U.S. House Energy Package--in Need of a Course Correction

After months of hearings and weeks of negotiations, a comprehensive energy package was introduced in the U.S. House this week and while it was it was quickly advanced to full committee consideration on a bipartisan vote, it does nothing to move our nation forward on important issues like cutting carbon pollution to protect public health and future generations.

Meanwhile, the Senate Committee on Energy and Natural Resources introduce its 350-page comprehensive energy package late last night, which includes some good, some bad and some ugly as well, but more details on that next week.

An initial read of the nearly 100-page bill that the Subcommittee for Energy and Power sent along to the U.S. House Energy and Commerce Committee yesterday shows it puts the thumb on the scales of fossil fuels through faster pipeline approvals, hardwiring outdated fossil fuel generation, and establishing a plan for integrated oil production -- all while ignoring progress being made both domestically and internationally toward cutting carbon emissions and advancing clean energy resources in an affordable and reliable way.

For renewable energy, this bill strangely expands the definition of renewable energy in a way that says waste heat from burning natural gas counts as a renewable resource in meeting the federal government's renewable energy goal that was established in the Energy Policy Act of 2005.

And the best we can say for the energy efficiency provisions is that while it does no harm, it also does nothing to take advantage of the cleanest, most cost-effective way to meet our energy needs and cut pollution from fossil fuel-fired electricity generation: being smarter in how we use that energy so we don't need as much of it.

On the better news side, the version introduced yesterday didn't include many harmful provisions that were discussed in the committee hearings, like:

  • a provision that ignores the adverse impact of cross-border pipeline proposals on the environment, forcing policy makers to rubber stamp long term high carbon infrastructure, undermining our ability to address climate change and putting land, waters, and communities at risk;
  • a provision that at best is a waste of resource for the Federal Energy Regulatory Commission (FERC) and its regulated entities, and more likely requires FERC to cement certain baseload power requirements that ultimately decrease transmission grid flexibility; or
  • a provision that would repeal the scheduled phase out of fossil fuels in federal buildings which is one area where the federal government can show leadership, leverage energy efficiency and cut pollution.

It's a positive sign that the bill introduced and moved forward in the House this week omits the most egregious provisions originally under discussion but the question remains--will Republicans be able to refrain from loading this back up with toxic measures, as we've seen them do time and time again?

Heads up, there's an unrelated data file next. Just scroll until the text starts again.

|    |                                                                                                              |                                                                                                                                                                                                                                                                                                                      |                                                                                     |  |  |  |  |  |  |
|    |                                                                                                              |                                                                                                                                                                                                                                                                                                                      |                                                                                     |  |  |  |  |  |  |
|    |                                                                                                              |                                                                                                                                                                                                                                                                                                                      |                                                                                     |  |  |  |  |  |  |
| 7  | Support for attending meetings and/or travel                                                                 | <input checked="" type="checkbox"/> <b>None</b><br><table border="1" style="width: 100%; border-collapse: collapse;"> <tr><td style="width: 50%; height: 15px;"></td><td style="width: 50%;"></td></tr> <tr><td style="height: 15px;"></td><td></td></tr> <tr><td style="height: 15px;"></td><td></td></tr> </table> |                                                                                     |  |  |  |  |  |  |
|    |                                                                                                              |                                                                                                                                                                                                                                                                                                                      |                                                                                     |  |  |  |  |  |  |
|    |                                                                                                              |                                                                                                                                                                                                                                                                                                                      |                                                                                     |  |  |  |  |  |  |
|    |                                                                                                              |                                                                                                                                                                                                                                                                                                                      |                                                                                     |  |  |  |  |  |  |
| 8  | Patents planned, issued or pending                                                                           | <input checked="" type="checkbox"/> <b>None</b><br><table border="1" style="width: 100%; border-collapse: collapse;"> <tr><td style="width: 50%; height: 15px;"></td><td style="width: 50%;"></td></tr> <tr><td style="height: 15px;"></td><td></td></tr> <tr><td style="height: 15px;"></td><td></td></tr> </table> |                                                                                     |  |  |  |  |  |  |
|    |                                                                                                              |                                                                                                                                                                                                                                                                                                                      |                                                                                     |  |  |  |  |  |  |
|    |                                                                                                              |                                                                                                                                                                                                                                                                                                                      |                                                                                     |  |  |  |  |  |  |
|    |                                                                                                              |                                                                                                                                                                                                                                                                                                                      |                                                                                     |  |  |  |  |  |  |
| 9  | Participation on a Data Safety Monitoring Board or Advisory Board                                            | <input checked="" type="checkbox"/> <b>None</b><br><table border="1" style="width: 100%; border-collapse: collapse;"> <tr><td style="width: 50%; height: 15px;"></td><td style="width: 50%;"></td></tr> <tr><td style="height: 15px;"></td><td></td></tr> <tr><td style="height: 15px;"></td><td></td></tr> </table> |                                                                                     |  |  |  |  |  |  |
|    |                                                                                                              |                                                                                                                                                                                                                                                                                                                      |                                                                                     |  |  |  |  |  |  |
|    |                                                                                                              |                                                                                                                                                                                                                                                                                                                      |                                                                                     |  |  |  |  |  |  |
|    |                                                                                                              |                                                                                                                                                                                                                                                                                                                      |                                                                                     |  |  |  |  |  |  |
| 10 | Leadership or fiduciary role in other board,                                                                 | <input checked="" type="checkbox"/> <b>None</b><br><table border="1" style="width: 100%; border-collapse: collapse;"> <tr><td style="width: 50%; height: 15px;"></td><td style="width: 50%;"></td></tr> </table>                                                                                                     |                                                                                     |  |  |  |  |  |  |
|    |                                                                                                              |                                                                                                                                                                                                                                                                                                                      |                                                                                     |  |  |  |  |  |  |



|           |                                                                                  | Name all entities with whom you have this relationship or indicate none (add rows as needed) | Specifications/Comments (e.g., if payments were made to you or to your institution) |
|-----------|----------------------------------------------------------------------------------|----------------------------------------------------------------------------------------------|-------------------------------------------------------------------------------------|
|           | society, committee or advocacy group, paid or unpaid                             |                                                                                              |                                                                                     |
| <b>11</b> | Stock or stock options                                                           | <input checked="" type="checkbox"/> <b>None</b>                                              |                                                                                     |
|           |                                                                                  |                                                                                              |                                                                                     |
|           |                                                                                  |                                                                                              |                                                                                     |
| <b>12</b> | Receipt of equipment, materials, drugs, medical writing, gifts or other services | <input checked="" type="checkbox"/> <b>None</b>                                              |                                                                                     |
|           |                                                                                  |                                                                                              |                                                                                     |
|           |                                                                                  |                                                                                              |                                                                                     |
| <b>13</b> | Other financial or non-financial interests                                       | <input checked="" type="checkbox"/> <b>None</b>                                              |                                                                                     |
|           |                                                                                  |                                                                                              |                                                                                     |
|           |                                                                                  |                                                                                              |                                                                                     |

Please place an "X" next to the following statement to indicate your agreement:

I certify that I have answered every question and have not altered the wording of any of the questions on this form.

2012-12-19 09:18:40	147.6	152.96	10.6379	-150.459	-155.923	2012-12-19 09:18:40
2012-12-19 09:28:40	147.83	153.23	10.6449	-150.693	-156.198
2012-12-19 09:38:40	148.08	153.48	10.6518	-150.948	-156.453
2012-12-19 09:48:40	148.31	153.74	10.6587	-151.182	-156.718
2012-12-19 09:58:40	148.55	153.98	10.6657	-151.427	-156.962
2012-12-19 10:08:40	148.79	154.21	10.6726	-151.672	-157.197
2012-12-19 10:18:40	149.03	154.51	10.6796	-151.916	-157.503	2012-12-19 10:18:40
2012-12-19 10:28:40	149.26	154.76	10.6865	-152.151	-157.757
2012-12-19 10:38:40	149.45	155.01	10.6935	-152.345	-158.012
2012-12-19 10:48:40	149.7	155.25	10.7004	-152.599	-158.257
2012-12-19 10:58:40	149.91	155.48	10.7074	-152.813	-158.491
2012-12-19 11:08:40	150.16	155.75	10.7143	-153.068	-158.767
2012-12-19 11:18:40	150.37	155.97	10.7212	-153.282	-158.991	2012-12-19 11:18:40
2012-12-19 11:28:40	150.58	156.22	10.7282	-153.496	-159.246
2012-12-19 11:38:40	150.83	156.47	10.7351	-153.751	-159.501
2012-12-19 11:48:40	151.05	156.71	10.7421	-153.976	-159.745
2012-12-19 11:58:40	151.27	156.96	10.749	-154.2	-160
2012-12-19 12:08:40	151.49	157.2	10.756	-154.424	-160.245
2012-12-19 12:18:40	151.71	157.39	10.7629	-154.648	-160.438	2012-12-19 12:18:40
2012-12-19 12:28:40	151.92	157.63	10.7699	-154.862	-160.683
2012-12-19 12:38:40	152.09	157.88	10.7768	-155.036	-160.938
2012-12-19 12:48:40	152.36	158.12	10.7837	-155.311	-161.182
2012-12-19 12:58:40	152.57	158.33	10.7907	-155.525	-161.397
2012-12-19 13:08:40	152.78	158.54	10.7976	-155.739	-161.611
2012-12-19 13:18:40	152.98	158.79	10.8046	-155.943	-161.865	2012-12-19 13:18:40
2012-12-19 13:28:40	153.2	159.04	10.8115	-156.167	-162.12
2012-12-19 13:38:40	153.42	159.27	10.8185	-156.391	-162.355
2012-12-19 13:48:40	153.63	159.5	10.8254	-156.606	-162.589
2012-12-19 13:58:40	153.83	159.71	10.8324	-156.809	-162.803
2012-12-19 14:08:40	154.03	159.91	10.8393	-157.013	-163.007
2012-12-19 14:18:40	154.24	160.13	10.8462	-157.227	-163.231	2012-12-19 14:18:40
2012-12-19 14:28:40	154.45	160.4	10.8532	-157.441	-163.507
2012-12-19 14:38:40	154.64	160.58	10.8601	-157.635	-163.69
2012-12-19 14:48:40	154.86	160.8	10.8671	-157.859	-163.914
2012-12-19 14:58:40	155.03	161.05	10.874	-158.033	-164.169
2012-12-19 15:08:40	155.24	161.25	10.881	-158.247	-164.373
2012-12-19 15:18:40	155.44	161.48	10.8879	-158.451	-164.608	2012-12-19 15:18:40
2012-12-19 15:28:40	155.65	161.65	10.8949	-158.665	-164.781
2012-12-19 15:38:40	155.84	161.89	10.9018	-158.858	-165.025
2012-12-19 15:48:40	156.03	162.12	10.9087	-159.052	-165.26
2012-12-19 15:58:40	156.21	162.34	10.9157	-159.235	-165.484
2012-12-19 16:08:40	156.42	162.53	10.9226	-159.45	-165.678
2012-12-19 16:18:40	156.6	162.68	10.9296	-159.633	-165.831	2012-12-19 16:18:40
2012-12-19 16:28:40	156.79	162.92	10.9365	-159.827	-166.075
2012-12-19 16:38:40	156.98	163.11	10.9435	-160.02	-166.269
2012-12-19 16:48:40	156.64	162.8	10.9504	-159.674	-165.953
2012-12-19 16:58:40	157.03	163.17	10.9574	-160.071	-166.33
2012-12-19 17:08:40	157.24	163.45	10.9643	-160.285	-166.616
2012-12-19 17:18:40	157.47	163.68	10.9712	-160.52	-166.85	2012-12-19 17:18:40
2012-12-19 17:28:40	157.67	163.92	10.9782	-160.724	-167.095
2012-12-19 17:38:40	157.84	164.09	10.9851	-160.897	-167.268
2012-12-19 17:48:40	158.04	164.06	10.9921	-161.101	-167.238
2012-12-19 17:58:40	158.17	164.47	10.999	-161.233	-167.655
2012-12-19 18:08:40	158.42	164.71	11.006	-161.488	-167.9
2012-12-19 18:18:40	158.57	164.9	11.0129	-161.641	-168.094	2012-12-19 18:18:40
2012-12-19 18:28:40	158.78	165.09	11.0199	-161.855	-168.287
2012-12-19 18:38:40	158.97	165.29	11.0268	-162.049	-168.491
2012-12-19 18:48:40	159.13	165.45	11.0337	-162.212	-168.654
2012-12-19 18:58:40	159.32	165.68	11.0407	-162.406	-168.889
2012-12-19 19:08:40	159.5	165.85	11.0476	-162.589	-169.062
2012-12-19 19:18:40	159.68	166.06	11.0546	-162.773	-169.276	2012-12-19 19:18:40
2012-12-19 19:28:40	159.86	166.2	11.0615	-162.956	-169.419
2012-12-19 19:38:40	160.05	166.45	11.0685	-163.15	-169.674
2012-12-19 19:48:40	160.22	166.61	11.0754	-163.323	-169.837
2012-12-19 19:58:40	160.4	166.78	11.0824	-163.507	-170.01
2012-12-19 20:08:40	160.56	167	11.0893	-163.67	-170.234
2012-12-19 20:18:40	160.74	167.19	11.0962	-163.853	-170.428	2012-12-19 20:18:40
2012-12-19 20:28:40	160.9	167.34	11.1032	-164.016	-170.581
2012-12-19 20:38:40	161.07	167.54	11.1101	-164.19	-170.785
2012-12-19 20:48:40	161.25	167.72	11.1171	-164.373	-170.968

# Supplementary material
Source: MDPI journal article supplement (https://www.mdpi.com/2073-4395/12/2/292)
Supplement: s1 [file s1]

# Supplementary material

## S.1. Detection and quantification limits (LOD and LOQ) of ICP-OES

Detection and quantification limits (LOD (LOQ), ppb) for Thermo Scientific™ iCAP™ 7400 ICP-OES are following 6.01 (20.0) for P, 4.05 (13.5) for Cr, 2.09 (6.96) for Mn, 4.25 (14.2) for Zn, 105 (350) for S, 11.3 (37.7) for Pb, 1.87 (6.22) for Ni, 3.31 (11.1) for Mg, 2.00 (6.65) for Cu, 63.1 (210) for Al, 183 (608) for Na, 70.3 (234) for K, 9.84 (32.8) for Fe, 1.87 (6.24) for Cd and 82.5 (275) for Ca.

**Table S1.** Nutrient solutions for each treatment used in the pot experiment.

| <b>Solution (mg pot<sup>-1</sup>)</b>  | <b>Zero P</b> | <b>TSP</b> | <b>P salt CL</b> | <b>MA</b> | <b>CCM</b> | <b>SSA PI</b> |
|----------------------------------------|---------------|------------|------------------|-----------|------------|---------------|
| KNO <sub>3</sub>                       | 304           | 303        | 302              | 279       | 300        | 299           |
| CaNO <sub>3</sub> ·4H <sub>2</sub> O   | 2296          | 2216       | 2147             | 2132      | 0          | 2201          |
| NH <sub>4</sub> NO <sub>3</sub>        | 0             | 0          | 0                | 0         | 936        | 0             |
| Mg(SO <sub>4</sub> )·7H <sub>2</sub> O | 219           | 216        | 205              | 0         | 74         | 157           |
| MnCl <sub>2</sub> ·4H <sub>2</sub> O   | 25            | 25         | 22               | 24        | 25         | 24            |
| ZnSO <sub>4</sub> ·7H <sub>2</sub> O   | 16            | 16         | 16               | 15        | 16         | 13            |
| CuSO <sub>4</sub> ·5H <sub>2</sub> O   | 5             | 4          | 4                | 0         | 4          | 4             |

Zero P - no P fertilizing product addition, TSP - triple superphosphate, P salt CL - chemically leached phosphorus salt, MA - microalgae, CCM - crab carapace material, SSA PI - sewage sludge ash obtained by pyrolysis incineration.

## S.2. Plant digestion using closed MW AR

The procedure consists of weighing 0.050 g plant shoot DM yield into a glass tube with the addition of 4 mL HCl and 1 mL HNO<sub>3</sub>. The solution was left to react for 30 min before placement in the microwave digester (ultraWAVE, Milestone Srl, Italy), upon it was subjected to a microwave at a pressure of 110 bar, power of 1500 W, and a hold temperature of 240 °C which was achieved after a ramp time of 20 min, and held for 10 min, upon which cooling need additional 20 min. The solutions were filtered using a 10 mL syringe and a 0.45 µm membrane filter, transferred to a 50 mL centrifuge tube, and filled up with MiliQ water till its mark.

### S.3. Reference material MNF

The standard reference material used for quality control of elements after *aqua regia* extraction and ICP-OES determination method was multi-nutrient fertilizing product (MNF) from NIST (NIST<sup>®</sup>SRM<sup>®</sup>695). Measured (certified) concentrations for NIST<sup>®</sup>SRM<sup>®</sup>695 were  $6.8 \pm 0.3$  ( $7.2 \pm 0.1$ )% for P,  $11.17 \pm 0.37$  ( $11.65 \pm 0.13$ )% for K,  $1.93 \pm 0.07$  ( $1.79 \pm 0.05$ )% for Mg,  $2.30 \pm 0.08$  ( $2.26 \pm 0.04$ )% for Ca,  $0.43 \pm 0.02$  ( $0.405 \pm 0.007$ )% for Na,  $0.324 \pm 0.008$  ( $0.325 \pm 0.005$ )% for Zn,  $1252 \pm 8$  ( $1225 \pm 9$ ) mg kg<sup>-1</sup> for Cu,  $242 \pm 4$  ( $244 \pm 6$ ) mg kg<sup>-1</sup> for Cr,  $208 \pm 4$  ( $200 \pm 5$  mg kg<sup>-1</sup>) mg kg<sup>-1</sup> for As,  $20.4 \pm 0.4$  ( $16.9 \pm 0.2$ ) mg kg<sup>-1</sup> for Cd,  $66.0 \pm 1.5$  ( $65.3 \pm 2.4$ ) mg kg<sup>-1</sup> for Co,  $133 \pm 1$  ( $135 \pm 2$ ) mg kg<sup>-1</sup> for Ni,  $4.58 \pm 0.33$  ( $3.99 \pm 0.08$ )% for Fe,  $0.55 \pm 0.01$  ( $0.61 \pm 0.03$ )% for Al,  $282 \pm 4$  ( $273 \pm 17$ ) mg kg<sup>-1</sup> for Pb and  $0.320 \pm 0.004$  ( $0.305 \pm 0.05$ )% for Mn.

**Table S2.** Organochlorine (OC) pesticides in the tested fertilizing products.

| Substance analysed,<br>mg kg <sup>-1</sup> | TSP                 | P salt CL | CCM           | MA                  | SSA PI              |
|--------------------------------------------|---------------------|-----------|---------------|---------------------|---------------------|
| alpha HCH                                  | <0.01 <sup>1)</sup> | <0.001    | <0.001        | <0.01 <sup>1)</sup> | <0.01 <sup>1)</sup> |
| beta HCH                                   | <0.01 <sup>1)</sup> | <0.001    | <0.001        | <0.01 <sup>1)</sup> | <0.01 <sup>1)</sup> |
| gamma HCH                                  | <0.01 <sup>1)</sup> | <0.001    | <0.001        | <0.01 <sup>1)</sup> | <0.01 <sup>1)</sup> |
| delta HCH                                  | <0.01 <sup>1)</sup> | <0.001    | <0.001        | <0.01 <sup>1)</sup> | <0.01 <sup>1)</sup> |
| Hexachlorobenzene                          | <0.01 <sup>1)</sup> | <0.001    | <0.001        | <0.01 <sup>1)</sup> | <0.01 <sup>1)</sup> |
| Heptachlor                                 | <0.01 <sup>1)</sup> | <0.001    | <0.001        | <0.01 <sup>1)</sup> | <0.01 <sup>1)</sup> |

However, first the House needs to address the many problems to the current bill which we detailed in a letter to the House Energy and Commerce Committee, including:

  • Sec. 1102 which undermines the existing process for resolving environmental and grid reliability conflicts by instead allowing the Department of Energy to waive environmental laws in those situations; and
  • Title III on Energy Diplomacy which seems to be encouraging energy transfer and trade between countries without the proper consideration of what the energy future should look like from an environmental perspective. Promoting energy security and economic interests at the expense of environmental considerations (which it barely addresses) is highly problematic.

While this U.S. House energy package needs significant modifications to the energy package, more importantly it must consider how to better align with the progress of clean energy across the nation. Renewable energy is experiencing explosive progress. Solar is surging as is wind. This is not only happening in America, but the world is now deploying more renewable energy in the production of electricity than it is in fossil fuels. Smart policies will continue to accelerate that deployment and tap into our clean energy resources, creating jobs and reducing carbon pollution.

Also, the House package should put a premium on investing in efficiency so we can cut needless energy waste. Dollar for dollar, investing in energy efficiency is the cheapest and fastest way to cut carbon pollution, even as it helps to make our workers more productive, our companies more efficient, and our products more competitive around the world.

This House package is a missed opportunity for the kind of policies our nation needs. And it's also a missed opportunity to reflect the values shared by millions of Americans who want policies that deliver a cleaner, safer, renewable and sustainable energy future. While several flawed provisions in new legislation will decidedly put the country on the wrong path, there is still time to for a course correction to develop a comprehensive energy policy that embraces the promise of renewable resources and efficiency to meet our energy needs while cutting pollution.